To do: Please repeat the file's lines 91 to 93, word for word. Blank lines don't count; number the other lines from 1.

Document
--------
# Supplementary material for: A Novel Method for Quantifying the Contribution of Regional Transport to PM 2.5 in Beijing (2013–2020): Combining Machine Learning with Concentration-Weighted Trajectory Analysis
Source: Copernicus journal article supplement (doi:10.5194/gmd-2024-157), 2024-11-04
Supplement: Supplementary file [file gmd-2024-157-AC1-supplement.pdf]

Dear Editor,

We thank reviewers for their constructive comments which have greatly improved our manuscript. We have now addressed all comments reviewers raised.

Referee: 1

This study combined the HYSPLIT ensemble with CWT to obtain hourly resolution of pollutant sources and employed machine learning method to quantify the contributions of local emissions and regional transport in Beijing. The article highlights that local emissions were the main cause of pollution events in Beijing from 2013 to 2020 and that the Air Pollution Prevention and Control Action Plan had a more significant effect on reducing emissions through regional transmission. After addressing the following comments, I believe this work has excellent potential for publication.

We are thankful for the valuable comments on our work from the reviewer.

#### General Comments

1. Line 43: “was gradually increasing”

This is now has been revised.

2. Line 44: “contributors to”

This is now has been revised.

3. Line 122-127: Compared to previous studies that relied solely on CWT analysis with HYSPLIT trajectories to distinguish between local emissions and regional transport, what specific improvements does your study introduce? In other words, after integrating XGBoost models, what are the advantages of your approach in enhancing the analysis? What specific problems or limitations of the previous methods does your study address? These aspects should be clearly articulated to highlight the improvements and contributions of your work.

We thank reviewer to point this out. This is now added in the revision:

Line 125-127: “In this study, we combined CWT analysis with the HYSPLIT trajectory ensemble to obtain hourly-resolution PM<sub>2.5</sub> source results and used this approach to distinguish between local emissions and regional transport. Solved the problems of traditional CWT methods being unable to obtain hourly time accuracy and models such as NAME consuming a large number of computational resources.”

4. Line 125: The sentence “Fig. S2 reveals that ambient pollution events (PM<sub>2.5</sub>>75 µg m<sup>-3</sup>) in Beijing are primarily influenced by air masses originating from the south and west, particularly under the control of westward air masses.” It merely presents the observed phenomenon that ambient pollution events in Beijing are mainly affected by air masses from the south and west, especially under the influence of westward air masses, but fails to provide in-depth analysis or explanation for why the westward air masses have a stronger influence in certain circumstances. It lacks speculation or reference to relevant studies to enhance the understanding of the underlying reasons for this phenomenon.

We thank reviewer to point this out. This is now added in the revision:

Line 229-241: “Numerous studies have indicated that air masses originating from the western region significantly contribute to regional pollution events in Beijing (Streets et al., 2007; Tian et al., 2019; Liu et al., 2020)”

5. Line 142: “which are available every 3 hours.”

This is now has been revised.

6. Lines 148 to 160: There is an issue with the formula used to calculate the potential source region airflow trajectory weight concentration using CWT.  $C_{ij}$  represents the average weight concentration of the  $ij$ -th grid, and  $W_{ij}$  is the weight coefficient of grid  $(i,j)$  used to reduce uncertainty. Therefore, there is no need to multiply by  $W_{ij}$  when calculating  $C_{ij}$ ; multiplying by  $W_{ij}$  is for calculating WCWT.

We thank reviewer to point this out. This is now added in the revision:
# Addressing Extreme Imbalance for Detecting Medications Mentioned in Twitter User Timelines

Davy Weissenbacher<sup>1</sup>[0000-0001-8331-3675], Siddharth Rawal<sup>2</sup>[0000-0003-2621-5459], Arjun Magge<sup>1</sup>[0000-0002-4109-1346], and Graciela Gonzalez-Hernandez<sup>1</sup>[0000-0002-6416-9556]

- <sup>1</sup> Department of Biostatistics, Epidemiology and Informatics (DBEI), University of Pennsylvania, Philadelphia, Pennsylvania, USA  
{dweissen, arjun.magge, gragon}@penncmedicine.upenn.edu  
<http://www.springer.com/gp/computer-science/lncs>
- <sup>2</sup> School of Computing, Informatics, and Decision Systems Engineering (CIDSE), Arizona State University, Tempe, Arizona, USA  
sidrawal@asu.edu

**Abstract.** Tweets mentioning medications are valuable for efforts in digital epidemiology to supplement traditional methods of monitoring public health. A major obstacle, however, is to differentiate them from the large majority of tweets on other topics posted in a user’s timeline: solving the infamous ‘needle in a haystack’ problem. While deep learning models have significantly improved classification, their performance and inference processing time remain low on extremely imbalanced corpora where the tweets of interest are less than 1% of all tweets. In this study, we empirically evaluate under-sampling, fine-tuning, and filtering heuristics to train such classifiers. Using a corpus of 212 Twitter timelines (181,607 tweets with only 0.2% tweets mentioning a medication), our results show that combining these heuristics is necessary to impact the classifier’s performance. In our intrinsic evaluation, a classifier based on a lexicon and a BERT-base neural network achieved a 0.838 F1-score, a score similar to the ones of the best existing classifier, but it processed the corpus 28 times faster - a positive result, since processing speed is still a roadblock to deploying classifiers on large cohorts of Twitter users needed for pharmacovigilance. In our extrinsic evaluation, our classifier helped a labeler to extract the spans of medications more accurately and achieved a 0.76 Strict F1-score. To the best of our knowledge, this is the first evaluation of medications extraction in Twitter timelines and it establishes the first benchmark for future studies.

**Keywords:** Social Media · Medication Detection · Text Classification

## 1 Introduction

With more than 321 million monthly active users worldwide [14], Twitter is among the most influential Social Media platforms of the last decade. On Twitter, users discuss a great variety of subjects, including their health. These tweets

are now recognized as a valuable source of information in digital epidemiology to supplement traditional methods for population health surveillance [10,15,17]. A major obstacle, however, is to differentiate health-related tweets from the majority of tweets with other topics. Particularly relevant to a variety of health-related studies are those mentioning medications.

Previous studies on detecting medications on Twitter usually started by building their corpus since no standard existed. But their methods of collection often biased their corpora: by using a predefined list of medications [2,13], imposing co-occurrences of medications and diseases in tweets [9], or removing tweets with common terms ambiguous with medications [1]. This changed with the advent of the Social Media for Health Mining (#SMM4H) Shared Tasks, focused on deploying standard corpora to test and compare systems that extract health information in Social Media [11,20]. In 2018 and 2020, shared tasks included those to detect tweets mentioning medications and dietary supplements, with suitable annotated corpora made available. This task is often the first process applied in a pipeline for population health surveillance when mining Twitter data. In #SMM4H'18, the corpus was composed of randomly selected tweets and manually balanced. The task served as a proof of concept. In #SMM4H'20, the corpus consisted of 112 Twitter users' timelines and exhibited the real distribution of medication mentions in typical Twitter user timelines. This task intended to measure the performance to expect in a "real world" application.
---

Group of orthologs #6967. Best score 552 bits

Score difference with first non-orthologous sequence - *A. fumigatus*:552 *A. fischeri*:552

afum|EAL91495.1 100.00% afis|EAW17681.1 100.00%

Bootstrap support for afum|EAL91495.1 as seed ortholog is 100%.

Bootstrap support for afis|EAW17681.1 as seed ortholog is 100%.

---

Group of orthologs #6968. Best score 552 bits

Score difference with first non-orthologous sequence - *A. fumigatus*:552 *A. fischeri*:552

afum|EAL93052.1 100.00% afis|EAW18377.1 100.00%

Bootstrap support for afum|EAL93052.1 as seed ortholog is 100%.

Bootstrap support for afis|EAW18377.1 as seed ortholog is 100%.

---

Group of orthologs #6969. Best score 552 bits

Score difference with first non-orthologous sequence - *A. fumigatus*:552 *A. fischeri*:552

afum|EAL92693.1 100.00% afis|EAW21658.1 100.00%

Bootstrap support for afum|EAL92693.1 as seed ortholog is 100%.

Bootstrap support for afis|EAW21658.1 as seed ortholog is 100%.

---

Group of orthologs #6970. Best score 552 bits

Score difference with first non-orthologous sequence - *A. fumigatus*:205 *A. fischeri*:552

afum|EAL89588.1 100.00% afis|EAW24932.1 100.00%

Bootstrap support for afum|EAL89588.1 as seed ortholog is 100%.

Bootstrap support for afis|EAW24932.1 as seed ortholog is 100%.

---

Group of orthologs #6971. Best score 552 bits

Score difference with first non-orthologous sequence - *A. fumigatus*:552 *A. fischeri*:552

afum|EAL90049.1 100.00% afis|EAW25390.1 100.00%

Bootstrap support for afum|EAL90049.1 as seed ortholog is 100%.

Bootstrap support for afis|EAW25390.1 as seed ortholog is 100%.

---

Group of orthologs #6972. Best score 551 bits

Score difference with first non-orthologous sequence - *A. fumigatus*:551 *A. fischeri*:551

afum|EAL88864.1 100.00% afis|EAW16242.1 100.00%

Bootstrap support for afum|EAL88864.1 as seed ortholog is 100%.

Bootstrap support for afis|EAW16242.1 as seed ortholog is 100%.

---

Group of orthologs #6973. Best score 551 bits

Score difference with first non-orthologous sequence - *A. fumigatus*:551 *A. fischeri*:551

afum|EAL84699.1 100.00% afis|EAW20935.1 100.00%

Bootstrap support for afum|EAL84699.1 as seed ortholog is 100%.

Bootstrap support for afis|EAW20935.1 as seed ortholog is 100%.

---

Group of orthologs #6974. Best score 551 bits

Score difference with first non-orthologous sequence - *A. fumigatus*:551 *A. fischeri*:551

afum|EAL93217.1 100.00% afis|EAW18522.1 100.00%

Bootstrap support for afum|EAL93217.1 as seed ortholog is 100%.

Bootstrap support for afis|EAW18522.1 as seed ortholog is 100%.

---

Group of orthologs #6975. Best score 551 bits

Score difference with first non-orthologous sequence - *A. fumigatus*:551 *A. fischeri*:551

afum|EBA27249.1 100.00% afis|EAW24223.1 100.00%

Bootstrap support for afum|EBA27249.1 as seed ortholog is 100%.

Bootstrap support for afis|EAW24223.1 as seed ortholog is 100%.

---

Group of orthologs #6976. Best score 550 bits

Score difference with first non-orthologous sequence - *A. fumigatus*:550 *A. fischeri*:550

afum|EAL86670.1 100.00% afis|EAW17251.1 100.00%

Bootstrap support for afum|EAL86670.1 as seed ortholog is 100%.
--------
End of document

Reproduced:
---

Group of orthologs #6976. Best score 550 bits

Score difference with first non-orthologous sequence - *A. fumigatus*:550 *A. fischeri*:550